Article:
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The devil in the detail: new borders for a new state

Attlee's statement of 3 June heralded success for the coalition of Bengal's Hindu leaders who, in the last years of the Raj, had campaigned so vigorously for the partition of their province. By decisions taken in London and in Delhi, they had won for themselves a Hindu state inside India which would be in place before the end of the monsoon. With this prize in imminent prospect, the leaders of the Hindu coalition had to turn their attention to the practical details of converting, by mid-August, their idea of a Hindu homeland into reality.

The triumphalist euphoria of the Hindu leadership, when they were faced with this daunting task, quickly gave way to more sober-sided calculations. Large questions now had to be addressed and swiftly answered. In practice, what Hindu state could be successfully carved out of old Bengal? What balance of people and territories should the new homeland ideally possess? Where should its borders be? And, most importantly, how could the would-be leaders ensure that they would get to run the new state of West Bengal? Once these questions came urgently to be considered, it became clear that the answers were interconnected and would have far-reaching implications for the new state. Evidently, the physical frontiers of the new state would bear critically upon who would run it, and defining the citizens of the new polity was the key factor in making sure that the social groups that the coalition represented would dominate it.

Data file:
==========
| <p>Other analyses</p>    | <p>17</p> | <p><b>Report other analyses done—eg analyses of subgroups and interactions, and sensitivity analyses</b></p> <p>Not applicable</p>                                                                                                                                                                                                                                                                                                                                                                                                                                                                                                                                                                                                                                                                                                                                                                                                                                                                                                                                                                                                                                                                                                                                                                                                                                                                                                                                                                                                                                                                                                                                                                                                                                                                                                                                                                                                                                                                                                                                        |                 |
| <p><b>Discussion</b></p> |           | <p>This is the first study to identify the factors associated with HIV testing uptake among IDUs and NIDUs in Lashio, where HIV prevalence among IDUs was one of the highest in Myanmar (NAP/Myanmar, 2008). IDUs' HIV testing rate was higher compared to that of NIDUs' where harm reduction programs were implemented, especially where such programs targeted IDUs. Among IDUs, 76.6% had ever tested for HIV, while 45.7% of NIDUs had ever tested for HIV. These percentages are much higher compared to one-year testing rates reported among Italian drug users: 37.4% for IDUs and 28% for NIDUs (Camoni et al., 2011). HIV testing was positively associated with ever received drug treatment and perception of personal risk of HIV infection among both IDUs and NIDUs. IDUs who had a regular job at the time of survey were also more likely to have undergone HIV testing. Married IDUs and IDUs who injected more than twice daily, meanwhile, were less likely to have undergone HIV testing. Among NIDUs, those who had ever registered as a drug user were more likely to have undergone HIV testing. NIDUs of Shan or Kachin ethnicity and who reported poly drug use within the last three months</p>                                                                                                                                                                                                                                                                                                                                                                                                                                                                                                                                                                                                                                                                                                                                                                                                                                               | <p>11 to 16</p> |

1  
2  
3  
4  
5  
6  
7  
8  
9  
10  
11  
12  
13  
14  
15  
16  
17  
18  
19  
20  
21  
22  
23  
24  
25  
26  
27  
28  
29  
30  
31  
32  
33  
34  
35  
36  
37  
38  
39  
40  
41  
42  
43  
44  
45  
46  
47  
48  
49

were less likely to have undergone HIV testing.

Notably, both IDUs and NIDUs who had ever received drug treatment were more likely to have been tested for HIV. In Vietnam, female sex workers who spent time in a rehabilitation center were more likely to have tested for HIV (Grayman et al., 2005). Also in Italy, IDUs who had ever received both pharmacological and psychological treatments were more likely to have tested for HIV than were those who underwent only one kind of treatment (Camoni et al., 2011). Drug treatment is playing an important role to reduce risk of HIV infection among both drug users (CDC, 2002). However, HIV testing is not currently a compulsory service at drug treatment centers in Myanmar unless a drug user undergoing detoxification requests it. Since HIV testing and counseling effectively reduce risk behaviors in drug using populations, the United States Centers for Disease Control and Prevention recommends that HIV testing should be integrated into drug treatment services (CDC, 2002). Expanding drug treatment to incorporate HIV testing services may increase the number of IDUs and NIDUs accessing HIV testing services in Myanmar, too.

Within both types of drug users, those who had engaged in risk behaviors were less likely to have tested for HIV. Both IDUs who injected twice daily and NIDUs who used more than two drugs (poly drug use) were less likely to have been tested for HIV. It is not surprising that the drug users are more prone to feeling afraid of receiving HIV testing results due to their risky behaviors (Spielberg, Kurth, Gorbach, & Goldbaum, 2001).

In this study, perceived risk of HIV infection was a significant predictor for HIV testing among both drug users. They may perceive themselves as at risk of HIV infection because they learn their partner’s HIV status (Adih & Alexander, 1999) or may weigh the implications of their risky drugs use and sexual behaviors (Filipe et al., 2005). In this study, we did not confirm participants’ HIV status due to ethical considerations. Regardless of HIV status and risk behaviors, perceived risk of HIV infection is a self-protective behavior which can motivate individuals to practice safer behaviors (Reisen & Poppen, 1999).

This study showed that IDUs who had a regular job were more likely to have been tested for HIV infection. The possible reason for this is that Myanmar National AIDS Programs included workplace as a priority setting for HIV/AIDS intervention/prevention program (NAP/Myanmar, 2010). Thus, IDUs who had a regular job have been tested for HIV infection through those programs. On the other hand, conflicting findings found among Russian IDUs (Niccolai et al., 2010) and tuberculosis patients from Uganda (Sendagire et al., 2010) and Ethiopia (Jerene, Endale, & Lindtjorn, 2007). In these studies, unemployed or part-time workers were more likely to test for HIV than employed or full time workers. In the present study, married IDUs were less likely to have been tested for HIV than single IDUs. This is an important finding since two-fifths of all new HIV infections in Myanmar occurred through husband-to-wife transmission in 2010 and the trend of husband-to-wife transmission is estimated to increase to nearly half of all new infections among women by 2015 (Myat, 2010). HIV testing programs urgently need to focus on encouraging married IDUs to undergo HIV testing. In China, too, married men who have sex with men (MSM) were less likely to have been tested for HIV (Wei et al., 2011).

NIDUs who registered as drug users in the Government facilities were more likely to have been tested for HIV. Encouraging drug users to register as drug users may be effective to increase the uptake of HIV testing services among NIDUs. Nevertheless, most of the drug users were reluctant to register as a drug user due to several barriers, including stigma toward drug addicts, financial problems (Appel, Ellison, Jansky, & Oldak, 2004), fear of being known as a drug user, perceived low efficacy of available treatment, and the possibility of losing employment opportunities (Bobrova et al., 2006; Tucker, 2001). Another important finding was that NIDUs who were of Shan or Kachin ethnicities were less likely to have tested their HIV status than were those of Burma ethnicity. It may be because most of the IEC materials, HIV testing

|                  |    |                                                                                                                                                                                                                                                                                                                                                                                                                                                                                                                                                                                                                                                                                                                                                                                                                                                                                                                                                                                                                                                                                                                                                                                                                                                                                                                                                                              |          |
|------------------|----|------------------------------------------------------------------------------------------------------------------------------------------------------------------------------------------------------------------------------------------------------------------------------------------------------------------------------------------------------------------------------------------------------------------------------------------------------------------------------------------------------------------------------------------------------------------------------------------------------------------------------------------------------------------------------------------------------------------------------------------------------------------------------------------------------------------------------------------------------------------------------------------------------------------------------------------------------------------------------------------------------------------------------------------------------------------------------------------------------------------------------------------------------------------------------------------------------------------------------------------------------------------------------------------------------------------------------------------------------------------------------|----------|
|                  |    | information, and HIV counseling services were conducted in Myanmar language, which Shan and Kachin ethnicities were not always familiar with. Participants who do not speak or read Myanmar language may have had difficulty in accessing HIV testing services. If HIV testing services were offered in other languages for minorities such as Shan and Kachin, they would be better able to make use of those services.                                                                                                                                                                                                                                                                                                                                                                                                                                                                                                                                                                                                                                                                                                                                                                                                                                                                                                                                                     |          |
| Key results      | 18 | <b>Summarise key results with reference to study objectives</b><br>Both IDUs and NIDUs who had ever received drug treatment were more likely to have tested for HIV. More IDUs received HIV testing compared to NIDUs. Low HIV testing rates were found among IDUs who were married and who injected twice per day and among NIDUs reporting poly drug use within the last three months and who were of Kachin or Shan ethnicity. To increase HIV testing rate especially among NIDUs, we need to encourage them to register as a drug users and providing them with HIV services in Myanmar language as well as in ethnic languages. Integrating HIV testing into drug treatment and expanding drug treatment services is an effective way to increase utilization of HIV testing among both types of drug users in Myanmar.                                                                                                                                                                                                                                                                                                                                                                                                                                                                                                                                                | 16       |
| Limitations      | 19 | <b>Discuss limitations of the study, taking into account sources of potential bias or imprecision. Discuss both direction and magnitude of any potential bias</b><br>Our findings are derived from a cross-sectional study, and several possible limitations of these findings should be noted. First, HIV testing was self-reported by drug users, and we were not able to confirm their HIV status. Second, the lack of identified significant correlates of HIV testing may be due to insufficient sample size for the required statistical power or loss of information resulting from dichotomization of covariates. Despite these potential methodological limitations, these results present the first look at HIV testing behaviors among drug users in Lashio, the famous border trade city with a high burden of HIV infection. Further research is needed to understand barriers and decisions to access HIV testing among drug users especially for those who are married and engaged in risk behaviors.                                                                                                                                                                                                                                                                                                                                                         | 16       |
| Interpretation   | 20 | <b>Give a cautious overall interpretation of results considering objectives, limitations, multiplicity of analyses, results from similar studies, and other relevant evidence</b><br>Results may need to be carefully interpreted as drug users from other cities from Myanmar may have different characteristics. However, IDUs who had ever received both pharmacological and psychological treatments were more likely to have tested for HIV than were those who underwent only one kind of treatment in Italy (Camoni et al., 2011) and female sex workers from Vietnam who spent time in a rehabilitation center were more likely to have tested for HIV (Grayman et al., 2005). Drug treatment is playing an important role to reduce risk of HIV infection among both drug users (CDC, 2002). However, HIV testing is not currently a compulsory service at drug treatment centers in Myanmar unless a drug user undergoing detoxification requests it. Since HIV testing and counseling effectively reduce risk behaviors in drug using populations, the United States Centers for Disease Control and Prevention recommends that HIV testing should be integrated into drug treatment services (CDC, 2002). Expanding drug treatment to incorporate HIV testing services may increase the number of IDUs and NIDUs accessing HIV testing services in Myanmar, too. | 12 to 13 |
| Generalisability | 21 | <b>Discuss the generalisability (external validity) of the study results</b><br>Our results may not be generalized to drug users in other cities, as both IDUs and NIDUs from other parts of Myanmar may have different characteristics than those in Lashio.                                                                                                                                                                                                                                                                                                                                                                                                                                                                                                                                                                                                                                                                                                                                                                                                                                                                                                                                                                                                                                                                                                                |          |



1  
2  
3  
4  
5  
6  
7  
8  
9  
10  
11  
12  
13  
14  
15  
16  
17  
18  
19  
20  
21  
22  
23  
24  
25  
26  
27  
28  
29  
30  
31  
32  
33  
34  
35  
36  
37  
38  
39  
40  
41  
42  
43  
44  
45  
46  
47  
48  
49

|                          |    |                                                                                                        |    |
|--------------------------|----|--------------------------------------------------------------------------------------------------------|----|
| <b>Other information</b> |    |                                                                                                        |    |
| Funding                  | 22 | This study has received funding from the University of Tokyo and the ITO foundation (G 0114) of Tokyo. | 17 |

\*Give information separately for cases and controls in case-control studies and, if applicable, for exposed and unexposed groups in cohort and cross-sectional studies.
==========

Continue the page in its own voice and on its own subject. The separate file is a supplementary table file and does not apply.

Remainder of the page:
Joya Chatterji
Cambridge University Press (online)